Meibomian gland dysfunction (MGD) is one of the most common causes of an abnormality of the tear film lipid layer and evaporative
dry eye.1–5 Numerous risk factors of MGD are reported (Table 1).6 Its prevalence varies between countries from 20% to 60%, with the highest rate in Japan.6 MGD is a chronic, diffuse abnormality of the meibomian glands, commonly characterized by terminal duct obstruction and/or
qualitative/quantitative changes in the glandular secretion.7 This may result in alteration of the tear film, symptoms of eye irritation, clinically apparent inflammation and ocular
MGD results in stasis of meibum inside the glands, dilatation of the ductal system and loss of glandular tissue (gland dropout)
(Figure 1).5 It is recommended that the diagnosis of MGD is made by assessing ocular symptoms, lid morphology, meibomian gland mass,
gland expressibility, lipid layer thickness and meibography.1
Meibography is the only clinically in vivo technique to visualize the morphology of the meibomian glands. When using this method, the structure of the meibomian glands,
including the ducts and acini, can be observed.8–16 Meibography provides photographic documentation of the meibomian gland under specialized illumination techniques.17 This article is aimed to summarize recent development and investigation in meibography and its clinical relevance.
There are two principles in meibography. One is the transillumination of the everted lid11,18,19 the other is direct illumination, named the non-contact meibography.15,20–22 In the transillumination technique, the eyelid is everted over a light source.11,13,23 The most basic version uses white light, for example from a Finoff transilluminator. This is applied to the cutaneous side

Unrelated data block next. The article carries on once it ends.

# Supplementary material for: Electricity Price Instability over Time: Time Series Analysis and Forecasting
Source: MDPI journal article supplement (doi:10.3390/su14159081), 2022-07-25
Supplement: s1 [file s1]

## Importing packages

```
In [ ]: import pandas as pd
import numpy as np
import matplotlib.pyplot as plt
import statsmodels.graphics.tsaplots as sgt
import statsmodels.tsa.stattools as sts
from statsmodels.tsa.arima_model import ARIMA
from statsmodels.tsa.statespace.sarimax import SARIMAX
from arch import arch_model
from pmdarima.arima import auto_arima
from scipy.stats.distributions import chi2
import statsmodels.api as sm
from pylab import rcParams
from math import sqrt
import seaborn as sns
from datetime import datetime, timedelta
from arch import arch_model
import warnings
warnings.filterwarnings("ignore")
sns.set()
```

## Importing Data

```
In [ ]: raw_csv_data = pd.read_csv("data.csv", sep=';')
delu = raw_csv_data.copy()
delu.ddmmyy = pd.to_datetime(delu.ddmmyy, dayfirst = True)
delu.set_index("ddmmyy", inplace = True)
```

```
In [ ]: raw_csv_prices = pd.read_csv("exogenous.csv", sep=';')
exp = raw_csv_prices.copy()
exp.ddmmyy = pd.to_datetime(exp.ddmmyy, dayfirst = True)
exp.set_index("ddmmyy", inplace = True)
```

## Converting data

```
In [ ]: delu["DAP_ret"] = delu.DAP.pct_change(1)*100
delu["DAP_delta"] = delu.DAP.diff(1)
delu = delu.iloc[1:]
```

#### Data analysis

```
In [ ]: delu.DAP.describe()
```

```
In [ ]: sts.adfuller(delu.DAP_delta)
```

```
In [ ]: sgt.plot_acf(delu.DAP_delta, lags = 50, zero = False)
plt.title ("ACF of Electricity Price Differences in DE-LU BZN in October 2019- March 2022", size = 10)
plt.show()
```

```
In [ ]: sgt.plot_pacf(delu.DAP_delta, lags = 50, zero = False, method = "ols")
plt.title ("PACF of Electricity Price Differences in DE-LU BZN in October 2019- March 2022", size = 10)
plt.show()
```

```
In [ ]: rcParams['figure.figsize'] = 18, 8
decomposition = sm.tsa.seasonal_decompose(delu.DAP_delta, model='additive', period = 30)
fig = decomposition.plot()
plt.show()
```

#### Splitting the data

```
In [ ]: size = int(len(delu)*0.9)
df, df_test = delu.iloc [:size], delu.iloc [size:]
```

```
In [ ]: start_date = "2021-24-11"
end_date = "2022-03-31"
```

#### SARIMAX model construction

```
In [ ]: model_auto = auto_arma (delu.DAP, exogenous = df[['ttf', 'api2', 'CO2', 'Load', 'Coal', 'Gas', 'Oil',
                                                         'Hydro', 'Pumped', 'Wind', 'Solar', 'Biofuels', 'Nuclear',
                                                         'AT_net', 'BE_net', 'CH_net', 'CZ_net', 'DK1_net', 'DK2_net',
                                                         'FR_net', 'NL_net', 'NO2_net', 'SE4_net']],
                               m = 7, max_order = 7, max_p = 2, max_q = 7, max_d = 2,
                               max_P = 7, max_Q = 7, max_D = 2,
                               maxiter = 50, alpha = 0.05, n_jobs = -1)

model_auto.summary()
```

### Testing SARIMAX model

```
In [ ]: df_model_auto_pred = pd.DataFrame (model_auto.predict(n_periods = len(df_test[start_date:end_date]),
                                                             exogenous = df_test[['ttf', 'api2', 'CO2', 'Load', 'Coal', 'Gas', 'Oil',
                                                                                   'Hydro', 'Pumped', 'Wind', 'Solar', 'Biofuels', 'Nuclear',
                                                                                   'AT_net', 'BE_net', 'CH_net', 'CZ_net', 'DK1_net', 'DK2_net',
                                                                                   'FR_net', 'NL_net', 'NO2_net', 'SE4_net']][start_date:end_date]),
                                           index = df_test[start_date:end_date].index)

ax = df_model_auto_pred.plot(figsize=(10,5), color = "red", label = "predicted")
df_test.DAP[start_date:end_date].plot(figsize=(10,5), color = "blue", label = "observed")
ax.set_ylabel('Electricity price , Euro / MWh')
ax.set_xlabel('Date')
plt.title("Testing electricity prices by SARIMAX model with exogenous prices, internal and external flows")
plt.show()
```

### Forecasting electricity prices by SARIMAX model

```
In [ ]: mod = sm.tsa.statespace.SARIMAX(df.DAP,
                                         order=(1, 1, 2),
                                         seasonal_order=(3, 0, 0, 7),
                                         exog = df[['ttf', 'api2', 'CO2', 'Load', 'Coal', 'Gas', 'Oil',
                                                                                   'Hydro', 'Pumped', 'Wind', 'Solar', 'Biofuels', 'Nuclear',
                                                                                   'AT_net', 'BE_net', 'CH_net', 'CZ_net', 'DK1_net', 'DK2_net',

of the everted eyelid and allows observation from the palpebral conjunctival surface. Tapie24 was probably first describing evaluation of meibomian glands by transilluminating lids in 1977. He also captured the meibomian
glands using infrared film (IR). Jester et al.
adapted the biosmicroscopic and photographic techniques to improve upon Tapie's technique.16 Subsequently many other groups have used the transillumination IR techniques in meibomian gland observation.11,18,19,25
Arita et al.
were the first describing noncontact meibography in 2008. In the non-contact technique, a camera and IR light source
do not touch the patient during the meibography procedure.15 Their non-contact meibograph15 consists of a slit-lamp microscope equipped with an IR charge-coupled (CCD) device video camera and an IR transmitting filter15 to allow the observation of the everted lid. The light and dark contrast of the meibomian glands is opposite that of the
transillumination technique in that they appear light instead of dark.
Figure 1: Hypothesized long-term changes of meibomian glands in MGD (1. Increased viscosity of the meibomian oil; 2. Orifice
plugging and duct obstruction (hyper-keratinisation); 3. Stasis and dilatation of glands; 4. Glands atrophy and dropout)